Water will flow, money questions remain for Gering-Ft. Laramie Irrigation District

Temporary repairs will enable water to flow this summer through tunnels serving the Gering-Ft. Laramie Irrigation District (Photo by Fred Knapp, NET News)
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April 22, 2020 - 12:14pm

Tunnel repairs mean irrigation water will flow to Scotts Bluff County farmers this summer. But uncertainty over costs mean questions still remain about whether all of them can remain in business.


Scotts Bluff County farmers got some good news last week, when it was announced the U.S. Bureau of Reclamation would foot 35 percent of $2.3 million worth of repairs to an irrigation tunnel in Scotts Bluff County.

That tunnel is one of three century-old tunnels along a nearly 130 mile-long canal system that delivers North Platte River water to irrigate more than 100,000 acres in eastern Wyoming and western Nebraska.

Last July, one of those tunnels in eastern Wyoming collapsed, cutting off water and decimating crop yields before water was restored more than a month later.

So far, Gering-Ft. Laramie Irrigation District General Manager Rick Preston says, the district’s share of temporary repair costs is about $7 million. There’s almost $4 million in the state budget toward that, but Preston said that money has been delayed.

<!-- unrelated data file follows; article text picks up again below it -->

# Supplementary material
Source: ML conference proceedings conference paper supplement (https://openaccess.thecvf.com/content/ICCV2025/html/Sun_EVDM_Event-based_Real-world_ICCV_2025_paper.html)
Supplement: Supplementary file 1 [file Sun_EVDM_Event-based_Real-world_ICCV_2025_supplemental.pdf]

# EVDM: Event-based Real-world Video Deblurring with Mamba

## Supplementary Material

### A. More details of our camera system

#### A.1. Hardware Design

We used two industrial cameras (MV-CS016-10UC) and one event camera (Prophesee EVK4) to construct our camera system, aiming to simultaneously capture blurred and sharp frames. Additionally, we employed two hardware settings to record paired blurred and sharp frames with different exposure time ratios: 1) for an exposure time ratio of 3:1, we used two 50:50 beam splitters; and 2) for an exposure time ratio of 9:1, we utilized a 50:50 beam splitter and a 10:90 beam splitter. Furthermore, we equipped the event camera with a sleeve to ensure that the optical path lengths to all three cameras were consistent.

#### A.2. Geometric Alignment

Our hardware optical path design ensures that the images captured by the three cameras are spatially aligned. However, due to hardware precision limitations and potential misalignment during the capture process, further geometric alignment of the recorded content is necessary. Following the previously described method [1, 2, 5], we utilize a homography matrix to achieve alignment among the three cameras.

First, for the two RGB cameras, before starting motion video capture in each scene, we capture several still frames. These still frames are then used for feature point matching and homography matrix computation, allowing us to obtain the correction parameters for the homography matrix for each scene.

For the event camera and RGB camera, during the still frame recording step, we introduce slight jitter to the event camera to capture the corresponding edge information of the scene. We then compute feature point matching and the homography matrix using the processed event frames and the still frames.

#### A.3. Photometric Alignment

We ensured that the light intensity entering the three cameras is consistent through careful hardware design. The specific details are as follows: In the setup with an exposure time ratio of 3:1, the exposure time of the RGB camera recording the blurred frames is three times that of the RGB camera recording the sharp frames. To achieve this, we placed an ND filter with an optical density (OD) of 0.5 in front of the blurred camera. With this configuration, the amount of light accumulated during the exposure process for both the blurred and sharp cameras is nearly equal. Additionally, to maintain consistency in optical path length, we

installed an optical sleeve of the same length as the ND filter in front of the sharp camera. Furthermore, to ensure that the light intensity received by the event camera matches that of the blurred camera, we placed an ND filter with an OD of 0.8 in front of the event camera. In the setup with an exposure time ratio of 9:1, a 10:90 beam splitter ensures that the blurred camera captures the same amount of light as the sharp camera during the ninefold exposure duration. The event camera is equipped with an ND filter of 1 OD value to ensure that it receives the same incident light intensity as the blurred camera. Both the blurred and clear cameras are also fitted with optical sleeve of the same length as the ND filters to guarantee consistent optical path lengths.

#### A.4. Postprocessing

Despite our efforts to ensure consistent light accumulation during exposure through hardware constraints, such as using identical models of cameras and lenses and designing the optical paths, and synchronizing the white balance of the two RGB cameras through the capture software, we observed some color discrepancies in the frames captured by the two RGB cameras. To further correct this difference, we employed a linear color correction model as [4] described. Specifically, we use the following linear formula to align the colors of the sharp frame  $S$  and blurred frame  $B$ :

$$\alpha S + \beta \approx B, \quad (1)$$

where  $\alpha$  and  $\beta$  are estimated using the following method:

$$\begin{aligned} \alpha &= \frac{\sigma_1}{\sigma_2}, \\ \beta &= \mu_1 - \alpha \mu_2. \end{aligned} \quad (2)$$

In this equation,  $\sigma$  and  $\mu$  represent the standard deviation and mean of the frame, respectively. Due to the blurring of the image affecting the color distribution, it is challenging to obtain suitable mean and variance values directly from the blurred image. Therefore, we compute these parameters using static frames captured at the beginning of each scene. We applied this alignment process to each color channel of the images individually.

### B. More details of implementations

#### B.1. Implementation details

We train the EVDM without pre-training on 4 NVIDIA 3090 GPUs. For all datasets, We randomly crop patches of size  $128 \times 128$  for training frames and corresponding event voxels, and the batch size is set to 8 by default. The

“We do have some grants coming in. Of course they’ve been slowed down because of the COVID-19. But once things are up and going again, we get the Legislature up and going again, we get the Congress up and going again, things of that nature, then those monies will continue through the approval process and once that’s done we should be receiving those funds as well,” Preston said.

 Still to come is the addition cost of permanent repairs, using what’s called “permeation grouting.”

“’Permeation grouting’ will be pressure pumping liquid cement into the existing materials around the tunnel. And that, in turn, will encase the existing tunnel with a 10 to 12 foot-thick concrete hard-type material. That way if anything shifts or moves in the future, that eight or ten or twelve feet of material will not move like it did this last time,” Preston explained.

Last year’s tunnel collapse was blamed on heavy spring rains that saturated the soil above the tunnel.  Preston says permeation grouting to prevent that could cost another $7.5 to $10 million. And he said there’s a limit to what local farmers, who pay fees for water to supply the irrigation district’s budget, can afford.

“It’s going to be a financial burden, and how many people can survive long enough financially to continue to carry that burden is just a question mark that’s out there. That’s the reason we’re pursuing all the grants that we can get our hands on to try to keep a viable economy, a viable production going forward,” he said.

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